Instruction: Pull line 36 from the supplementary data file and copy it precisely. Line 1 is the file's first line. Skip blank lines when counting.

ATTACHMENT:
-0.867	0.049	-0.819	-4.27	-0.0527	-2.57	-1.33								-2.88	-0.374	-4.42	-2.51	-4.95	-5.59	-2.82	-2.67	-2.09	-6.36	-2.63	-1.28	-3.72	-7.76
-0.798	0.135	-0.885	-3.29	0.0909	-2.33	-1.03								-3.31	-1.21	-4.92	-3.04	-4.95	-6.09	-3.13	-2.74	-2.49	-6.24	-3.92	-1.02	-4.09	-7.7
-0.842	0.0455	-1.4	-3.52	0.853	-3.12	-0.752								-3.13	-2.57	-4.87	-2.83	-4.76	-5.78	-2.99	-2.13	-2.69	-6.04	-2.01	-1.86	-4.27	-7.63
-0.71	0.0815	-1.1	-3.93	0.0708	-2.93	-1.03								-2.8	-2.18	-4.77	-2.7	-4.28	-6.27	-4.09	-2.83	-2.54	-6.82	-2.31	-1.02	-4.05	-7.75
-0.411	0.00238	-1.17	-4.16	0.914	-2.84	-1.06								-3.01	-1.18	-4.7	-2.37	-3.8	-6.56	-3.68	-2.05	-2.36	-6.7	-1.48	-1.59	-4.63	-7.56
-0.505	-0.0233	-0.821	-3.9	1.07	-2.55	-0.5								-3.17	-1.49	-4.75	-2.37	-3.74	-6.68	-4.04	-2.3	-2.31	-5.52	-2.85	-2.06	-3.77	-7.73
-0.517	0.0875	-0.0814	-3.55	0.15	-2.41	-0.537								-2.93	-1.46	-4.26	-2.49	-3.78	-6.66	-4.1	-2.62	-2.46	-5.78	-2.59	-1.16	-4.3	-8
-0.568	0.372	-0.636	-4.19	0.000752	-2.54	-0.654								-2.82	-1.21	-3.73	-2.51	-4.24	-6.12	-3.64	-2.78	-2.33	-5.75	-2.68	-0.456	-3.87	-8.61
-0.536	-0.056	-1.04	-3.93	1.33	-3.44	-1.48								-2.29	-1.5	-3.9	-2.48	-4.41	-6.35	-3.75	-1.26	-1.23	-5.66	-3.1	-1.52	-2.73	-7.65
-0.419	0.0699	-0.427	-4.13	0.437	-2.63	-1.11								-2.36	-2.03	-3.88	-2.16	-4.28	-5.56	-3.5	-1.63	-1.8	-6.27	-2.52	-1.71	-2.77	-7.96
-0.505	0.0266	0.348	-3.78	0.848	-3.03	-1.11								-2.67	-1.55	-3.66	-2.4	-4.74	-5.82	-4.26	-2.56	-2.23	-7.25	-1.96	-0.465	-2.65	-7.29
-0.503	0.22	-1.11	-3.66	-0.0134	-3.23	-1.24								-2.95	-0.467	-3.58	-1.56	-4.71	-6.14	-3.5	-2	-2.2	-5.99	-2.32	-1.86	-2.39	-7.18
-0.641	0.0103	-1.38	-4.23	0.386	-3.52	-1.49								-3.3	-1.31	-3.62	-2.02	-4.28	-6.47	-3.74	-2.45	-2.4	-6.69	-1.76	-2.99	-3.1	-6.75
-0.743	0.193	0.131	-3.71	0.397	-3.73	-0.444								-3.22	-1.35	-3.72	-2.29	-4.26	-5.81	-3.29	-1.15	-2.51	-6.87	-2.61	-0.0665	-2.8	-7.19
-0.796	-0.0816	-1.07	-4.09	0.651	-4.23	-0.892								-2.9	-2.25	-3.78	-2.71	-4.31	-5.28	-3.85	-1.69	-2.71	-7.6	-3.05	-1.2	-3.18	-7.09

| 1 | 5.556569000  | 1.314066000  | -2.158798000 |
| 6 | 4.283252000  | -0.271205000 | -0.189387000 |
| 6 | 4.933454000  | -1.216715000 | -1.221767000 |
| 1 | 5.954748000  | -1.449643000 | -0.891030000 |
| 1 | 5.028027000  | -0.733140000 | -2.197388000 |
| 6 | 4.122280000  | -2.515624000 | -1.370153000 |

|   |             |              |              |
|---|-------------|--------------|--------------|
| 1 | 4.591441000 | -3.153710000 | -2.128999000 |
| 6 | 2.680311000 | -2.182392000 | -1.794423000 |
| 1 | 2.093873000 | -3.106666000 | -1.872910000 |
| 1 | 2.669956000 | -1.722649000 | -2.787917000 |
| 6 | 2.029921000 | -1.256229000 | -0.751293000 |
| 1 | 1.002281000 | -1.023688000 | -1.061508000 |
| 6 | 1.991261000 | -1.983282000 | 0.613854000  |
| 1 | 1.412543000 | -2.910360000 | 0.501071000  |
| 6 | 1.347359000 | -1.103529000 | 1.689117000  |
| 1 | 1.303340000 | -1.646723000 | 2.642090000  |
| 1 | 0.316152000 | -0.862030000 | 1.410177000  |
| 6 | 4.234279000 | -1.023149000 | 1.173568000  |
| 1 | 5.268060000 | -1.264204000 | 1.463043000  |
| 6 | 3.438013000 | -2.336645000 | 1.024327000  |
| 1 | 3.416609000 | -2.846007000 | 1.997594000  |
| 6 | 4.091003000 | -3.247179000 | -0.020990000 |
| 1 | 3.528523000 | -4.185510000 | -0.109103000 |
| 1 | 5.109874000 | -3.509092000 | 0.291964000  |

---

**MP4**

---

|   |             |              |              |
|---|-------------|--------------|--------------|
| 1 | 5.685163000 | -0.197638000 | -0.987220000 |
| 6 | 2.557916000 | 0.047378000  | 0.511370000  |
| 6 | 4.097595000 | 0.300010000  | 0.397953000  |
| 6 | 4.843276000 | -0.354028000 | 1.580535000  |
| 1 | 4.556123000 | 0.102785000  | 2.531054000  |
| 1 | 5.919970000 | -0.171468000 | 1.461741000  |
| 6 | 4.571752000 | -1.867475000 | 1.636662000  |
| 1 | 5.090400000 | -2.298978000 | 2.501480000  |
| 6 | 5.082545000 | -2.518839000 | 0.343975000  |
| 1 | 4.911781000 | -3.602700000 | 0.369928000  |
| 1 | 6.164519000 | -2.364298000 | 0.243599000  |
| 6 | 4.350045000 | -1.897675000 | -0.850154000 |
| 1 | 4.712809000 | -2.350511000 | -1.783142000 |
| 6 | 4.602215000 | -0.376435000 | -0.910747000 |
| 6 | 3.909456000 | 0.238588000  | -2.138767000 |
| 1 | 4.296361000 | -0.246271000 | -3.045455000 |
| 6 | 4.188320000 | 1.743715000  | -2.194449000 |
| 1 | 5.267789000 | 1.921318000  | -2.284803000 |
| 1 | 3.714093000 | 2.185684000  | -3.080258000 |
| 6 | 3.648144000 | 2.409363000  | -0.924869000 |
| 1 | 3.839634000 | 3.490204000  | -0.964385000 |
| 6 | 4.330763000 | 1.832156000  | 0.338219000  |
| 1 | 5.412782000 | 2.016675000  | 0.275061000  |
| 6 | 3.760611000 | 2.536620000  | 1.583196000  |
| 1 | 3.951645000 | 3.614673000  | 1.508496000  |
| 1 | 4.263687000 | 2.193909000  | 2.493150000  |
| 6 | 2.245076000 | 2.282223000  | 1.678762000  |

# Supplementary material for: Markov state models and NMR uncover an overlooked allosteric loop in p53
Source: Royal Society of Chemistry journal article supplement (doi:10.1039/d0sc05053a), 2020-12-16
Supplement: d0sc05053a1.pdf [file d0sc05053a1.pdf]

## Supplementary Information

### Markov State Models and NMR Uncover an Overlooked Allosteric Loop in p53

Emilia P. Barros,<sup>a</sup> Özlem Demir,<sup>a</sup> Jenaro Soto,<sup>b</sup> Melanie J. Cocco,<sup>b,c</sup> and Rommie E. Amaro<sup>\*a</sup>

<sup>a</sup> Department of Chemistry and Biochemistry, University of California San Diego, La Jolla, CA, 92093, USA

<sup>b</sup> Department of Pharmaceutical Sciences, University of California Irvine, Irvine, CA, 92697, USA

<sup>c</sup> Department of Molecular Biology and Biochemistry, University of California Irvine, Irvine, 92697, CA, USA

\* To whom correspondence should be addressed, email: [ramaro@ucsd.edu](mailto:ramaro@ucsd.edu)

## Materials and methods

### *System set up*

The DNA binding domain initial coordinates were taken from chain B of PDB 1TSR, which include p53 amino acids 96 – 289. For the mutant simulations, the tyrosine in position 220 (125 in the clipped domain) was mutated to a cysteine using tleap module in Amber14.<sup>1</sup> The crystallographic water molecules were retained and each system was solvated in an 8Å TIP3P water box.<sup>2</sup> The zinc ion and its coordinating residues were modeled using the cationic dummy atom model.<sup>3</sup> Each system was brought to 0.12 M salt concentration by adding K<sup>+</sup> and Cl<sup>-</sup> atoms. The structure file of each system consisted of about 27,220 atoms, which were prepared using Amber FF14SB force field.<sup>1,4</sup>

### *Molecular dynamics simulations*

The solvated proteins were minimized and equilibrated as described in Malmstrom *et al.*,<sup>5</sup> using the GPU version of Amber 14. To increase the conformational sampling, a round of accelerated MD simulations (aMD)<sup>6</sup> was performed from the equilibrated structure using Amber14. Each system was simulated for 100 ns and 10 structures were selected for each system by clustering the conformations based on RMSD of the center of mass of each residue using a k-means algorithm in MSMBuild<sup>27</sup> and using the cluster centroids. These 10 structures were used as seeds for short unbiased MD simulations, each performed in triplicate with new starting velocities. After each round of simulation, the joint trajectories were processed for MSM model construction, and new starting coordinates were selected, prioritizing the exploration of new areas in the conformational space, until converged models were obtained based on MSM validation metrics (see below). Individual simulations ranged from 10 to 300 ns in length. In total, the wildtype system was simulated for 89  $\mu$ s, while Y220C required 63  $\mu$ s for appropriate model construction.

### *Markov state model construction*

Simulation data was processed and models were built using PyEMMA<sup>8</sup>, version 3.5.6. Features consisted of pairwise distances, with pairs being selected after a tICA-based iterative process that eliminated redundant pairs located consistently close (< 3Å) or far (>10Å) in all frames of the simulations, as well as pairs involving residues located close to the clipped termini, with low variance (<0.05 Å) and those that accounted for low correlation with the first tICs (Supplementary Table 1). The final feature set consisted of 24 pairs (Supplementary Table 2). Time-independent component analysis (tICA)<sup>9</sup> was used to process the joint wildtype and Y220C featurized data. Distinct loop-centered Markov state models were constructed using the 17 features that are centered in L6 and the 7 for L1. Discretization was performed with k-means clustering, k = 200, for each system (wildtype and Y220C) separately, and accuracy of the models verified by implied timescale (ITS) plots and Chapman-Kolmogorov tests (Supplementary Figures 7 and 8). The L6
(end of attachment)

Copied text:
| 1 | 5.268060000 | -1.264204000 | 1.463043000  |